Saturday, October 20, 2012
In 3 Awards, 3 Ways of Seeing China
BEIJING — Literature is not a boxing match, though sometimes it can appear that way given the polarizing passions it can generate. Such was the case in recent days, as two very different Chinese writers, one feted by the ruling Communist Party and the other spurned by it, received prestigious international awards.
In one corner, it seemed, was Mo Yan, who last Thursday was awarded the Nobel Prize for Literature, an honor the Communist Party’s propaganda chief, Li Changchun, said “reflects the prosperity and progress of Chinese literature, as well as the increasing influence of China.”
In the other was Liao Yiwu, the winner of this year’s Peace Prize of the German Book Trade, which he accepted Sunday in Frankfurt with a scorching speech whose theme was: “This empire must break apart.”
The empire Mr. Liao referred to was the People’s Republic of China, and he said its demise as an authoritarian state must come for the sake of freedom in China and the world. Mr. Liao, who spent four years in prison for his writings, fled China last year after decades of political persecution and is now based in Germany.
That these two men have been widely portrayed as representing antagonistic camps — one establishment, one dissident — that together define the boundaries of contemporary Chinese literature may reveal the extent to which the Communist-ruled mainland has dominated the discussion, another writer said.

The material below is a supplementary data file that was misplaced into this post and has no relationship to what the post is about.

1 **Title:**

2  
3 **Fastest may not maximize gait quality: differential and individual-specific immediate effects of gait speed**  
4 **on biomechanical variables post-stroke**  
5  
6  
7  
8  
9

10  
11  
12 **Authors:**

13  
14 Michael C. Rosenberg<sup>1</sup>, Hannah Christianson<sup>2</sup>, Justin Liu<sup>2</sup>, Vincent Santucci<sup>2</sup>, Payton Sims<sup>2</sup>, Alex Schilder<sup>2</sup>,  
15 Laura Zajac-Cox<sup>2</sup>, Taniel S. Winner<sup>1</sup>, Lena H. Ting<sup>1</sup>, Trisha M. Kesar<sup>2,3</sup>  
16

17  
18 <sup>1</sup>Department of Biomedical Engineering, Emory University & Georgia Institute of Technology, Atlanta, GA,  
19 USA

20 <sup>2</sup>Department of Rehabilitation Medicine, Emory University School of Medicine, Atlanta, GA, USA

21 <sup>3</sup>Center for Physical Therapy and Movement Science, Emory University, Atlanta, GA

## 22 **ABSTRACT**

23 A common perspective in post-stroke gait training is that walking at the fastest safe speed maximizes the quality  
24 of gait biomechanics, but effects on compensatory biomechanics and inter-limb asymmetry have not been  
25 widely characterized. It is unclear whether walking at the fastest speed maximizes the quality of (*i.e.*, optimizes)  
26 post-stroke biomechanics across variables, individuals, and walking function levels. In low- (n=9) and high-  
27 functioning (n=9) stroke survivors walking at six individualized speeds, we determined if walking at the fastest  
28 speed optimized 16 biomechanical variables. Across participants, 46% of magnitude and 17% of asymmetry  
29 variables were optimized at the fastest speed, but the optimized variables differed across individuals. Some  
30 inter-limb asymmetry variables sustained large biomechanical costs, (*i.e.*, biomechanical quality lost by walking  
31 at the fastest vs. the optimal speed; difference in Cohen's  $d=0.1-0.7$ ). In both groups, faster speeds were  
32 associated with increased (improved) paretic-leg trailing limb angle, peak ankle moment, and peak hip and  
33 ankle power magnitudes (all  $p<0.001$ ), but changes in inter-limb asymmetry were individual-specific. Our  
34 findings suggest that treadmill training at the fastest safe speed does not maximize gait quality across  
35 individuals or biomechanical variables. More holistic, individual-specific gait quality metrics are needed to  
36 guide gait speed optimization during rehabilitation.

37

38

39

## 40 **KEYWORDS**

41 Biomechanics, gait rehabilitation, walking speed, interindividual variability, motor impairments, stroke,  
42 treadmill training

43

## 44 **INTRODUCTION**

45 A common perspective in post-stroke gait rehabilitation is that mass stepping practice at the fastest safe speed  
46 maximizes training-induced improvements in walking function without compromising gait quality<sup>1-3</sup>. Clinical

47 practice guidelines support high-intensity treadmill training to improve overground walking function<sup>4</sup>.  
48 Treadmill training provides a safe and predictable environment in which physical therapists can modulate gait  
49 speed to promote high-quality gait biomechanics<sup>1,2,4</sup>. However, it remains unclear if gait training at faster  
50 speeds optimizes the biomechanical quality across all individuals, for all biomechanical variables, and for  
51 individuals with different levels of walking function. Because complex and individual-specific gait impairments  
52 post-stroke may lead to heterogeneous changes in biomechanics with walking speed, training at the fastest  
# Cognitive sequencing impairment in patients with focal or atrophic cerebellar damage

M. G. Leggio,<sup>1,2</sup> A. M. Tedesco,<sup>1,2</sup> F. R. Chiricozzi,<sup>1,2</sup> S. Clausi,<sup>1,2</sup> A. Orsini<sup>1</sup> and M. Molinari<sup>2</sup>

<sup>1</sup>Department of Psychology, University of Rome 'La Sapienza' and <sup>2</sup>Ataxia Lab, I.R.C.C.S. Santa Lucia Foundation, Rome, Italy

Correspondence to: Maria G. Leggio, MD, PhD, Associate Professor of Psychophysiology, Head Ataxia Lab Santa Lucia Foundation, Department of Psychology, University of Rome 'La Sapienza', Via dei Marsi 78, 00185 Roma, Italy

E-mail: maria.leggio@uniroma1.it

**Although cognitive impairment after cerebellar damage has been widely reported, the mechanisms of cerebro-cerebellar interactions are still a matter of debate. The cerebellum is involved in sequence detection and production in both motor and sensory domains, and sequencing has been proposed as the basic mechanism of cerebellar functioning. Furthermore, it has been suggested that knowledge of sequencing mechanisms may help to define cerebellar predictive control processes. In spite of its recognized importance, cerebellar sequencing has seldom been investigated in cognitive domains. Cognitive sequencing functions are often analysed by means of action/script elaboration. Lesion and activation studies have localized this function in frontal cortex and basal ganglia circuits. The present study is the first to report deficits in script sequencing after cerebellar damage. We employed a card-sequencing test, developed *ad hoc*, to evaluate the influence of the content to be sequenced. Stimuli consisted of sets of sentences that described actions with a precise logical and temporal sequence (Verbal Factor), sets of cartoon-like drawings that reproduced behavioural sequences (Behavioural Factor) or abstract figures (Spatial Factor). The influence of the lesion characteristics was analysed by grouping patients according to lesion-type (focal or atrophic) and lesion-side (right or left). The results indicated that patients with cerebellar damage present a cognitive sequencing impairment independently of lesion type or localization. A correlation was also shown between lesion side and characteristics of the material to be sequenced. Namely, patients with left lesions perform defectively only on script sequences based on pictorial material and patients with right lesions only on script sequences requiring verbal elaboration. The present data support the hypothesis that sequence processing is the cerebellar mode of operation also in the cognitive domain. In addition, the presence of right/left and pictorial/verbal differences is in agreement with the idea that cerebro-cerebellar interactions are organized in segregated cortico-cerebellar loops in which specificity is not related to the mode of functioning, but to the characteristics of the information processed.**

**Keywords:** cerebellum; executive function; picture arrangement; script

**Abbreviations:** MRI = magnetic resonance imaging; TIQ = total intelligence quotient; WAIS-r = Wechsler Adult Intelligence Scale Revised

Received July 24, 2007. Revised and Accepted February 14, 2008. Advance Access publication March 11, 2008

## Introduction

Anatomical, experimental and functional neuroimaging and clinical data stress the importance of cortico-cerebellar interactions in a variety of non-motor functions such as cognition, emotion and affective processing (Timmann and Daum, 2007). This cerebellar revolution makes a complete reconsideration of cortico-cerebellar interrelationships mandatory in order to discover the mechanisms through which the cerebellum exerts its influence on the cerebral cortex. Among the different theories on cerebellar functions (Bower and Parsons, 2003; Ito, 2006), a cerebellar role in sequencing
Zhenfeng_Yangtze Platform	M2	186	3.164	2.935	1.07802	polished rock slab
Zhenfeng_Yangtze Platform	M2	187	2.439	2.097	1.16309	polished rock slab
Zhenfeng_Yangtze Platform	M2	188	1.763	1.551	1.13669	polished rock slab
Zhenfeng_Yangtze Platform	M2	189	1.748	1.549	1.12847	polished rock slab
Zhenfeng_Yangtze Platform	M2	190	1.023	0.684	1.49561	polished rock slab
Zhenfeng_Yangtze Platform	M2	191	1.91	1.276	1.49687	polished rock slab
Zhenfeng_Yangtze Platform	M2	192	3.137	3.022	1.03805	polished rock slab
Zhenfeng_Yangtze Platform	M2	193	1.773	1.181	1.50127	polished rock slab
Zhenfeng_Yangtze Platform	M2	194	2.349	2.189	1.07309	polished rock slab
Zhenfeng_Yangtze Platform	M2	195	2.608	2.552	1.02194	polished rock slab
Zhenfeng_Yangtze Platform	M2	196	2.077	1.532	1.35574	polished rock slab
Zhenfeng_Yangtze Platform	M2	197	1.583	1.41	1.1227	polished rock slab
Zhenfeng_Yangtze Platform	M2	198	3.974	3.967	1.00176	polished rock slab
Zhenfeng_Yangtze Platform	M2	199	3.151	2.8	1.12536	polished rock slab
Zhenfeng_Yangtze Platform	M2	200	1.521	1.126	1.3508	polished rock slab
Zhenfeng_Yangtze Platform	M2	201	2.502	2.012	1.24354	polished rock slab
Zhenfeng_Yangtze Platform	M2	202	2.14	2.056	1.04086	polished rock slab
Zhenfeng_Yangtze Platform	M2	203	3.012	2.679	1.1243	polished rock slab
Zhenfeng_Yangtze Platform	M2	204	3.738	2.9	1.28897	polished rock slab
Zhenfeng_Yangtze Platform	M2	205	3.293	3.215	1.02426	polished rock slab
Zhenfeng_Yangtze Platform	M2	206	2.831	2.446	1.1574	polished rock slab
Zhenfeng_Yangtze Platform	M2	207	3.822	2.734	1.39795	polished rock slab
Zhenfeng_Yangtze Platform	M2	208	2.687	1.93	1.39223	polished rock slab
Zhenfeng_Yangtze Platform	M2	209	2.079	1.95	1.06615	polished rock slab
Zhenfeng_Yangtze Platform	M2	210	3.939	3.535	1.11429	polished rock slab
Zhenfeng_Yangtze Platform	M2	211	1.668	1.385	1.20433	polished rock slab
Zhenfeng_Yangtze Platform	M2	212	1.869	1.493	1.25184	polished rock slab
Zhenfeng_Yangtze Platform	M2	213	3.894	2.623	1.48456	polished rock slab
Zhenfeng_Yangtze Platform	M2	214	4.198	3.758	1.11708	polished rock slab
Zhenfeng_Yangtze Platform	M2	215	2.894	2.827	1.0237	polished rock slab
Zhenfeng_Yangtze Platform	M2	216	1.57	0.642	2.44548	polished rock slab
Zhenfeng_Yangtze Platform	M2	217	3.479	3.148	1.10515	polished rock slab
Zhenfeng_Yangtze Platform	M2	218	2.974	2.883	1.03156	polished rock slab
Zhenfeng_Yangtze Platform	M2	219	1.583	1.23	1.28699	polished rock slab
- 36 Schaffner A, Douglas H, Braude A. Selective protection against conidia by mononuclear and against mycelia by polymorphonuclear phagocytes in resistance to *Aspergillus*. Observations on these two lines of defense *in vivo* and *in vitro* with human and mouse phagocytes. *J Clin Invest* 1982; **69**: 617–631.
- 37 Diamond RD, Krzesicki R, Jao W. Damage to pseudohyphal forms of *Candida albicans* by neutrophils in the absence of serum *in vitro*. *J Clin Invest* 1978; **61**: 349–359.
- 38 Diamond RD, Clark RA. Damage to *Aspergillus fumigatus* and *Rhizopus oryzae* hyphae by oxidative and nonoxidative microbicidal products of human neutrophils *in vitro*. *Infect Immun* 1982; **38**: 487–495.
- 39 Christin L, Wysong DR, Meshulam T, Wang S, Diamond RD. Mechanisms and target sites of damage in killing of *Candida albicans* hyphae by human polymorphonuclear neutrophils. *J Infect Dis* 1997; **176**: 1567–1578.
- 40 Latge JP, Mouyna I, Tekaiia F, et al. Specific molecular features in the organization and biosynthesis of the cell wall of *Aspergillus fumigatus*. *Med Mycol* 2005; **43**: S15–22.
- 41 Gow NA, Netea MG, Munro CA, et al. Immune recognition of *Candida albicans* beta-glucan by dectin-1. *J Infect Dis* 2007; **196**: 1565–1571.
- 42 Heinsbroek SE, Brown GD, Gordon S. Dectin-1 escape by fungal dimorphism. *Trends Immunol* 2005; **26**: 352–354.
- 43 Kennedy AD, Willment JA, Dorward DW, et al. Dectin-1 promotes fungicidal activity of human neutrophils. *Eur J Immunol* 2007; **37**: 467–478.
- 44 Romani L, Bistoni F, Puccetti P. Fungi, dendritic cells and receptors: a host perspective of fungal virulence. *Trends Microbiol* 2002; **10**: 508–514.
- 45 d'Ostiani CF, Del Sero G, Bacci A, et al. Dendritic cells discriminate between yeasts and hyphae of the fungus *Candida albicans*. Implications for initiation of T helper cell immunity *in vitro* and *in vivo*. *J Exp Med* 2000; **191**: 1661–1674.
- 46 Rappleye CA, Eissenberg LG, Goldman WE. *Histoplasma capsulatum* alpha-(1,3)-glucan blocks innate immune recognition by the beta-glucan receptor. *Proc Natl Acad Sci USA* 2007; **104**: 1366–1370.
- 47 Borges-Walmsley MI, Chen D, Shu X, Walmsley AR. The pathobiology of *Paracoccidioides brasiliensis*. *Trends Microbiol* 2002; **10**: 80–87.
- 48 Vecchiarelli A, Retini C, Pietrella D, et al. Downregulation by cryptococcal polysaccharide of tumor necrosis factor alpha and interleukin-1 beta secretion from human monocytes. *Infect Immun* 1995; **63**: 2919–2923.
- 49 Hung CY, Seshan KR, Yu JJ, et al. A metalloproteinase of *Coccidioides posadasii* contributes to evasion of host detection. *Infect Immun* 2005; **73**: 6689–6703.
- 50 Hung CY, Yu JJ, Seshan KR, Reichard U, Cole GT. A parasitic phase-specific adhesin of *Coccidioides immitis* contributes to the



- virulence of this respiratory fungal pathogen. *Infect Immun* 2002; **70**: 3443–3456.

The sheer scale of China’s politics, like its population and economy, can eclipse other, smaller voices from independent Chinese traditions like democratic Taiwan’s or Hong Kong’s, said the poet and scholar Leung Ping-kwan.
Not considering these alternative visions of China diminishes what is in fact a richly diverse culture — much as the politics of the one-party state reduces the different voices of the society it rules.
“The mainland is a kind of autonomous, self-sufficient cosmos that no other literature in China can compete against,” said Mr. Leung, a Hong Kong native. “But there are other traditions of modernity that are not being considered.”
Especially in the West, he said by telephone, “people’s concept of Chinese literature is really limited. When they talk about Chinese literature, it’s either Mo Yan, who represents the acceptable mainstream writer from the China mainland, or it’s Liao Yiwu, who represents the dissidents.”